A team of scientists published a study on the journal Proceedings of the Royal Society B where they explained the behavioral response of ant Megaponera Analis after they are hurt. This reaction was not just individual but on a social level. They discovered that the insects tend to return to the nest and gather with the wounded ones when they are attacked, for instance, by termite soldiers.
Not all of the wounded ants can expect to get their injuries cured. Thus, they carefully select which one they should treat. As the scientists wrote, the only pick the ones with less severe wounds, while the others presenting greater damage are left aside.
The leader of the study, Dr. Erik Frank from the University of Lausanne in Switzerland, claims this is a fantastic discovery since scientists never understood why the ants help their similars. He states that they knew the bugs took the injured to the nest. However, they never really guessed what happened next. Now, they understand it is all part of a therapy or a healing process.
A warrior ant
The Megaponera Analis is a termite-eating species, considered as a ponerine ant due to its constricted gaster (abdomen). In groups, they form a column-like raiding formation when preparing to attack their prey. It is also one of the world’s biggest ants.
The size of these warrior ants ranges between 5 to 18 millimeters (0.20 to 0.71 inches), and half of their colony is represented by larger workers. These same workers are one out of three types of the total existing inside the settlement. The queen, – which has an enlarged gaster – is on top of the group, then followed by the major worker, and then by the minor worker at last. They have significant differences when it comes to legs, head, and gaster size.
Their raiding activity takes place between 6:00 am, and 10:00 am, then from 3:00 pm to 7:00 pm and between 8:00 pm to 2:00 am. This last phase, which happens late and among ants considered as “distributed” in sub-Saharan Africa, is the less studied one. Their armies are usually formed by 200 to 500 ants.
The colonies of these ants are formed by about 440 and 2300 adults. Once outside the nest, the males are the ones who lead the group inside of it again, using pheromone trails from previous raids. These colonies are thought to be created by the coexistence of two species, considering that the Megaponera is a strictly termite-eating species and the Queen could not face a whole army of termites by herself.
On the rescue
According to scientists Beck, J. and Kunz, on their publication released on Myrmecological News in 2007, named “Cooperative self-defense: Matabele ants (Pachycondyla analis) against African driver ants (Dorylus sp.; Hymenoptera: Formicidae),” this is how the behavior related to cooperative self-defense works:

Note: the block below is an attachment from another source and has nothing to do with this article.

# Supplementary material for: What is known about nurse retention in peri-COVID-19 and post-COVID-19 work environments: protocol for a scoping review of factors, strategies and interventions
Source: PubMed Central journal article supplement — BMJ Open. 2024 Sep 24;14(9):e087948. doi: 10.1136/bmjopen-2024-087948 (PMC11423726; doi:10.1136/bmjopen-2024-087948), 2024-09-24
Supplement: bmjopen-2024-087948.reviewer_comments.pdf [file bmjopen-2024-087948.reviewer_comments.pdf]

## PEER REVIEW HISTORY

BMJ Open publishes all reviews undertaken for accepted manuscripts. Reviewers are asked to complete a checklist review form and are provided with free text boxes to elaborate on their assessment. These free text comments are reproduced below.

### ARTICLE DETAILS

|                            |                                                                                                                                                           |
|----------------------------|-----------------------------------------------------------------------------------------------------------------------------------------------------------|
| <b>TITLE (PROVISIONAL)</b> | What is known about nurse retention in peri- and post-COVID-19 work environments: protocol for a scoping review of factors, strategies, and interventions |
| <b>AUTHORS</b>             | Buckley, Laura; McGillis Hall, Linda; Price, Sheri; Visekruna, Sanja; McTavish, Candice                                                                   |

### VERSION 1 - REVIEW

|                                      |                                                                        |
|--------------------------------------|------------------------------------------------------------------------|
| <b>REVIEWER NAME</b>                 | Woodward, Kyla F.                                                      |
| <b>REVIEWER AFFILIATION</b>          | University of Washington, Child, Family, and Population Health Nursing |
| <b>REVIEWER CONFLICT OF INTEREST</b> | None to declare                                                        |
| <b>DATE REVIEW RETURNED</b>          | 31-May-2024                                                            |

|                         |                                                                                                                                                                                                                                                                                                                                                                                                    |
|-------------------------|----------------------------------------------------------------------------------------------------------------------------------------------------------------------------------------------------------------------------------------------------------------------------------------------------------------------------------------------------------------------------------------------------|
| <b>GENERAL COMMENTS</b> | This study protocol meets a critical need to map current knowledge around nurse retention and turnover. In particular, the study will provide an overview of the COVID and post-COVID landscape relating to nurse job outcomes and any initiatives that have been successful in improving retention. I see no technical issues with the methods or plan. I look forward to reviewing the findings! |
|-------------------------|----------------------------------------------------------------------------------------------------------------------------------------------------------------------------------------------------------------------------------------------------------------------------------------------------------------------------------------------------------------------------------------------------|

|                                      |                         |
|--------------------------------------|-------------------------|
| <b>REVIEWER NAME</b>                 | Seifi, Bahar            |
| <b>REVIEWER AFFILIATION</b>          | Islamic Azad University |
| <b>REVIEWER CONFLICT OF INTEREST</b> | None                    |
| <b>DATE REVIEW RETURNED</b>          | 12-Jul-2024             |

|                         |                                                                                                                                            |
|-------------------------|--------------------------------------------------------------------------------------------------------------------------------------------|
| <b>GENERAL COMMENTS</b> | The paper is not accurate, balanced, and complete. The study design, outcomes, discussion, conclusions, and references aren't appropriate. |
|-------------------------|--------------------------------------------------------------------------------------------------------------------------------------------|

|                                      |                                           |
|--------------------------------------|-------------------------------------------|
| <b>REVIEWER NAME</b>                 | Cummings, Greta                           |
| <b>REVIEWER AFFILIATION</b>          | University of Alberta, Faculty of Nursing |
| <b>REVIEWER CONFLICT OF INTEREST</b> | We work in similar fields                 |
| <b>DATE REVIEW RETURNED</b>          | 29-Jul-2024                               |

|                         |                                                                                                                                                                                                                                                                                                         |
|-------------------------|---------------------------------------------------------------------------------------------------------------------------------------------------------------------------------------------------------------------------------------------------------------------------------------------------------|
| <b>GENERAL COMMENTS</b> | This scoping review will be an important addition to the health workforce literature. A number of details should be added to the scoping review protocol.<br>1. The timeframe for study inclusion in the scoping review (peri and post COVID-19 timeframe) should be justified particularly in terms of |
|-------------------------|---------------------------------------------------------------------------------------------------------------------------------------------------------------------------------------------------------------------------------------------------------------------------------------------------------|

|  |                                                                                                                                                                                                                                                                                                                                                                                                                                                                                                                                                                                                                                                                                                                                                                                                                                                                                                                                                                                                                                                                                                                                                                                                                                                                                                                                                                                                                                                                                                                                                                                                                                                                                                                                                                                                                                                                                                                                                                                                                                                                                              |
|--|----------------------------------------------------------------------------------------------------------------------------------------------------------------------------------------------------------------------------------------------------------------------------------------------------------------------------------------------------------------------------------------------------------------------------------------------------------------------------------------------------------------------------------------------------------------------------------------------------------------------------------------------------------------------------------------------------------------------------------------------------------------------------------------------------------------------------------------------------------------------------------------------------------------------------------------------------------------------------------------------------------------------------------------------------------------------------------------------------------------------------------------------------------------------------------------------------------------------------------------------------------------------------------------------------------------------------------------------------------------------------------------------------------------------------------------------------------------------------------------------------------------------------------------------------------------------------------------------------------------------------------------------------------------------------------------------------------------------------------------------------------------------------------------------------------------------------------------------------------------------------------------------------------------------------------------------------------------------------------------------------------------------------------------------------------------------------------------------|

“While cooperative defence of the nest is well known in ants, cooperative self-defence outside of the nest is much less so. When M. analis ants are attacked by driver ants (Dorylus sp.) outside of the nest, they cooperate with one another in an attempt to defend themselves by checking each other’s extremities for enemy ants and removing any that are clinging to their legs or antennae,” the study suggests,
In the recent study, the researchers portrayed how injured ants curled up into balls to be more comfortable to carry back inside the nest. The ones with several limbs missing, on the other hand, refused to collaborate with their rescuers.
“If you’re able to stand up, you’re very likely not too injured and you are still useful to the colony, so you should be able to call for help and be rescued,” Dr. Frank explains.
When they all come back to the nest, the ants that are whole act as nurses, attending the injured ones by licking their wounds for several minutes. This treatment prevents them even from death.
The study showed that the unattended ants had up to 80% of chances of dying within the next 24 hours, while the ones that were treated had only a 10% o risk.
Infections represent the highest risk of death in injured ants, so the licking-treatment is always needed to prevent it. Additionally, every healthy ant can perform this saving-method, since there is still no sign of a specific kind of ‘medical ant’ to perform it.
What are they doing?
Dr. Frank, despite praising the discovery and verifying some amazing factors of the process, explains that “we don’t know yet if the ants are just cleaning the wound and removing debris, as we do with our wounds to prevent infection, or if they are also applying antimicrobial substances with their saliva.”
Additionally, he reveals that these injured ants, despite missing one or two limbs, can run as fast as the healthy ones. The whole process represents, according to Dr. Frank, a fascinating new way of understanding the species, considering it is rare to find an individual animal treating the wounds of another.
Dr. Frank explains these ants take great care of each other because their colonies are not as big as the ones from other species – only about a dozen of babies is born every day. Thus, every loss is significant, and they just try to reduce their mortality.